Wearable tech has met with a mixture of indifference, curiosity and skepticism. From Google Glass, (the biggest innovation in combining wearable tech and social ineptitude since Bluetooth headsets), to fancy watch after fancy watch rolling through advertorials, most people just aren’t that ‘on board’ yet.
First off, even most reviewers of these products are iffy on their worth. Resoundingly, smartwatch reviewers are feeling like beta testers more than product reviewers, and even the checks they receive for their advertorials can’t hide their sighs. The technology is young, and everything from overall cohesiveness to software development is still far from being attractive to consumers.
Also, with so many people owning smartphones, the very idea of wearing any watch can seem like little more than a kitschy status declaration, whether it is an assertion of class, traditionalism, or independence from connectivity. A smart watch lacks precisely the kind of affectations traditional watches have, and additionally lacks the software and functionality they need to carve out a sizeable niche of early adapters.
This could mean trouble for Korea’s biggest tech firms: LG, Samsung and SK Hynix; all of which have a big stake in the success of the wearable tech industry.
Samsung is reportedly providing a “secret” chip for the Apple watch, in addition to a substantial amount of A9 chips for new iPhones (the result of a hard fight with the Taiwanese company, TSMC).
SK Hynix also provides a large amount of both Apple and Samsung’s semiconductors (as well as a substantial amount of Apple’s NAND flash memory).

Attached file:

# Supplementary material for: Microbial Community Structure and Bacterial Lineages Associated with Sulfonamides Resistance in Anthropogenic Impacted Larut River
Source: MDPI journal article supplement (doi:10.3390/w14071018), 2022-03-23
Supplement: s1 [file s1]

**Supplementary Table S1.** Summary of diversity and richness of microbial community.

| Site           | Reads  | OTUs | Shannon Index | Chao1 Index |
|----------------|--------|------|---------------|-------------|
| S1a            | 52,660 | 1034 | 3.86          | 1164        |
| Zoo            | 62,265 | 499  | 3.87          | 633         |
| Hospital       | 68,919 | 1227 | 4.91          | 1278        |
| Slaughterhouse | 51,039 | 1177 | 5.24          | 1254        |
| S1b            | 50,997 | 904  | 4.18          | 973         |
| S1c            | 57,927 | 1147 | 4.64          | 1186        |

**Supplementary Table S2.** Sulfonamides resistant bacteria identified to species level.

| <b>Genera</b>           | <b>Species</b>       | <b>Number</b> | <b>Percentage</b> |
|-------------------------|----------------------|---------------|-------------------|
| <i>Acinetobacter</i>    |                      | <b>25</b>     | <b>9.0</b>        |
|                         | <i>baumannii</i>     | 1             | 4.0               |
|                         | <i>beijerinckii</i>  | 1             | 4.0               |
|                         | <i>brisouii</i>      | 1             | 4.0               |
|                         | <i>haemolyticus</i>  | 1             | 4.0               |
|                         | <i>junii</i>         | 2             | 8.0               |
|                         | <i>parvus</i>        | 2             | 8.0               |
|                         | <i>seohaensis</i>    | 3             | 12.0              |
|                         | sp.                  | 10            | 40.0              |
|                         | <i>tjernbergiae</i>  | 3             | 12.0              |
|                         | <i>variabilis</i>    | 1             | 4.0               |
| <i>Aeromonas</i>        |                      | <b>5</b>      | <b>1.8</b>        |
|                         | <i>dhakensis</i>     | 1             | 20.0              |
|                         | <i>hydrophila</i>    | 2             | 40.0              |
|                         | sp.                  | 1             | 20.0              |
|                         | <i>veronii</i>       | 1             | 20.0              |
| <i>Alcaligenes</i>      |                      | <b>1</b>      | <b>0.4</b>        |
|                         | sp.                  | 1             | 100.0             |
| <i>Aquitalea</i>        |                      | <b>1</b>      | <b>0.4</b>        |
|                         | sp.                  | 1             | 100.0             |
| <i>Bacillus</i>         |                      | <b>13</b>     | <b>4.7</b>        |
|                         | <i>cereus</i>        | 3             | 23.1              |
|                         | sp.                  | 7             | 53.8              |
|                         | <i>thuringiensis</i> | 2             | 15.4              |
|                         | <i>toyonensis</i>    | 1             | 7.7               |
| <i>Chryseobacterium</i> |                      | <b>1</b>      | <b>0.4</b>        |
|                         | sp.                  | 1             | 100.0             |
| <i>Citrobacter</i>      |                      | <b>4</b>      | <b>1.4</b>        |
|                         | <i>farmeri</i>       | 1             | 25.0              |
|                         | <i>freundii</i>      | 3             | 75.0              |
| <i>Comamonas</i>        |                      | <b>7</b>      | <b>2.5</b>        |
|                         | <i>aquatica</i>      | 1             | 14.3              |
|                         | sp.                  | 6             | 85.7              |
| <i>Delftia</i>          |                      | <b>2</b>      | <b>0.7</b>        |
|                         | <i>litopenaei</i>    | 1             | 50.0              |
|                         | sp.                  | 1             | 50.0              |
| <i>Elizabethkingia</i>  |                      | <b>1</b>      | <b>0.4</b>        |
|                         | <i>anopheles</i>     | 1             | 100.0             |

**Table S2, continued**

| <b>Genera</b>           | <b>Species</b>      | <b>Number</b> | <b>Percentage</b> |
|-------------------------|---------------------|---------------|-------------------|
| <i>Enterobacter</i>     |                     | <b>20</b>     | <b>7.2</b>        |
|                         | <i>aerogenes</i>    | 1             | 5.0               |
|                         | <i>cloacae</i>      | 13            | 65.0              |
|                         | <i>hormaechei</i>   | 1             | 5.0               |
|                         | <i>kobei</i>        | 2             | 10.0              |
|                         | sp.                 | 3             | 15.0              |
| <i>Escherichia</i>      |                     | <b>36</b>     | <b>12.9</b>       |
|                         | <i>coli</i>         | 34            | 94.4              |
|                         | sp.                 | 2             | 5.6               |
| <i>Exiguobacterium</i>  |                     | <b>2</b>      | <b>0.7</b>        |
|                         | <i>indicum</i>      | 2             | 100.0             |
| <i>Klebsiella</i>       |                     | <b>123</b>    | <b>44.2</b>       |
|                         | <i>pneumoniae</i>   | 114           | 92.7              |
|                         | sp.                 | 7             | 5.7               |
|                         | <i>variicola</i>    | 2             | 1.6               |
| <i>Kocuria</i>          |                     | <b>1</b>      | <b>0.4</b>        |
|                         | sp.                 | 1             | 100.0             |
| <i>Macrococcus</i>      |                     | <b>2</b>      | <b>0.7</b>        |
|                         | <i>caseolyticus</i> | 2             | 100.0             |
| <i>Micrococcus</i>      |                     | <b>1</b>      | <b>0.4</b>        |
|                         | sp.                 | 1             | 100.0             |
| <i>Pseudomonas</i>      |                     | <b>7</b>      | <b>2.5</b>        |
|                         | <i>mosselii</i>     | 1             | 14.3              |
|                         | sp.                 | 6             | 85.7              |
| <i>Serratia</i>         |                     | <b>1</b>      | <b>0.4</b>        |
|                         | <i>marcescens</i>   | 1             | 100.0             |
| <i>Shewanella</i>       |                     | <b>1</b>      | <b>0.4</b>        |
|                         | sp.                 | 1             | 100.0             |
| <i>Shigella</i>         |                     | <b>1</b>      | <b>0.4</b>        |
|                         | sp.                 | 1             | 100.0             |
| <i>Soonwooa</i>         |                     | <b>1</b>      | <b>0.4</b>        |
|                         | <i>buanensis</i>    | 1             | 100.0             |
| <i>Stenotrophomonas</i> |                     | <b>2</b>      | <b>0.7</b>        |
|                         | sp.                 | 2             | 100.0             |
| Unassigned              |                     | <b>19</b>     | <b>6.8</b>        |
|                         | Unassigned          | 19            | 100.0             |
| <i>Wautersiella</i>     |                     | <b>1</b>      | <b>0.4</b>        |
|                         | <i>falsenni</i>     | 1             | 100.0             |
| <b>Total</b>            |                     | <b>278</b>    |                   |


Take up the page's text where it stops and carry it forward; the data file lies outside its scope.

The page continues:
With analysts downgrading Apple Watch sales projections for the last month, and Samsung and LG’s watch lines sluggishly going along, the air is full of uncertainty.
Analysts are also skeptical, some even stating that watches may be passed over for wearable clothing, hinting that smart watches may go the way of the Laserdisc and pay napster.
However, it appears as though at least one market segment is leading the wearable tech industry at present: Fitness. Companies like Jawbone, Fitbit and other fitness wearables are selling well (at a 60percent market share), and it’s easy to see why: Fitness wearables have the functionality and software most other wearables lack, and they are very accessible.
Their drawback is that they are confined to one purpose, making them extremely fragile against the synergistic capabilities of smartwatches.
If Korea’s tech firms want this to be the year for wearable tech devices, they should be focusing on doing what Fitbit and Jawbone cannot do: anything past fitness monitoring. If the next generation of wearable tech goes well, you may not need a Fitbit anymore for the same reason no one wears a pedometer.
Ultimately, the limitations of fitness only wearables could eventually reduce Fitbit to an app (like Nike+); and yet, at the moment, they dominate the market. That alone is very telling about the early state of smartwatches.
Their price point is also a huge impediment. In a recent survey in America, over 60 percent of people answered that they were only willing to spend 99 dollars or less on fitness wearables (similar data is not available for Korea).
Also, their software is sadly underdeveloped. Apps for these devices are in their infancy, and no one even knows what to use them for yet. No one.
Not even the executives in these companies know exactly what the purpose of these devices is.
“Honestly, I have no idea what they will use them for. We are just optimistic about our strategy that wearable tech will guide our growth this year. It’s important to us,” said one senior executive at SK Hynix.
I have some hope for wearable tech. I’m sure that they’ll have to be more than flashy Bluetooth accessories for phones.
It is perhaps a tad early to imagine that these devices would be able to function as a wallet, ID, and interact with surrounding devices, but it would go a long way to imagining their relevance in the future. In the meantime, I’ll only be reaching into my pockets to check my phone.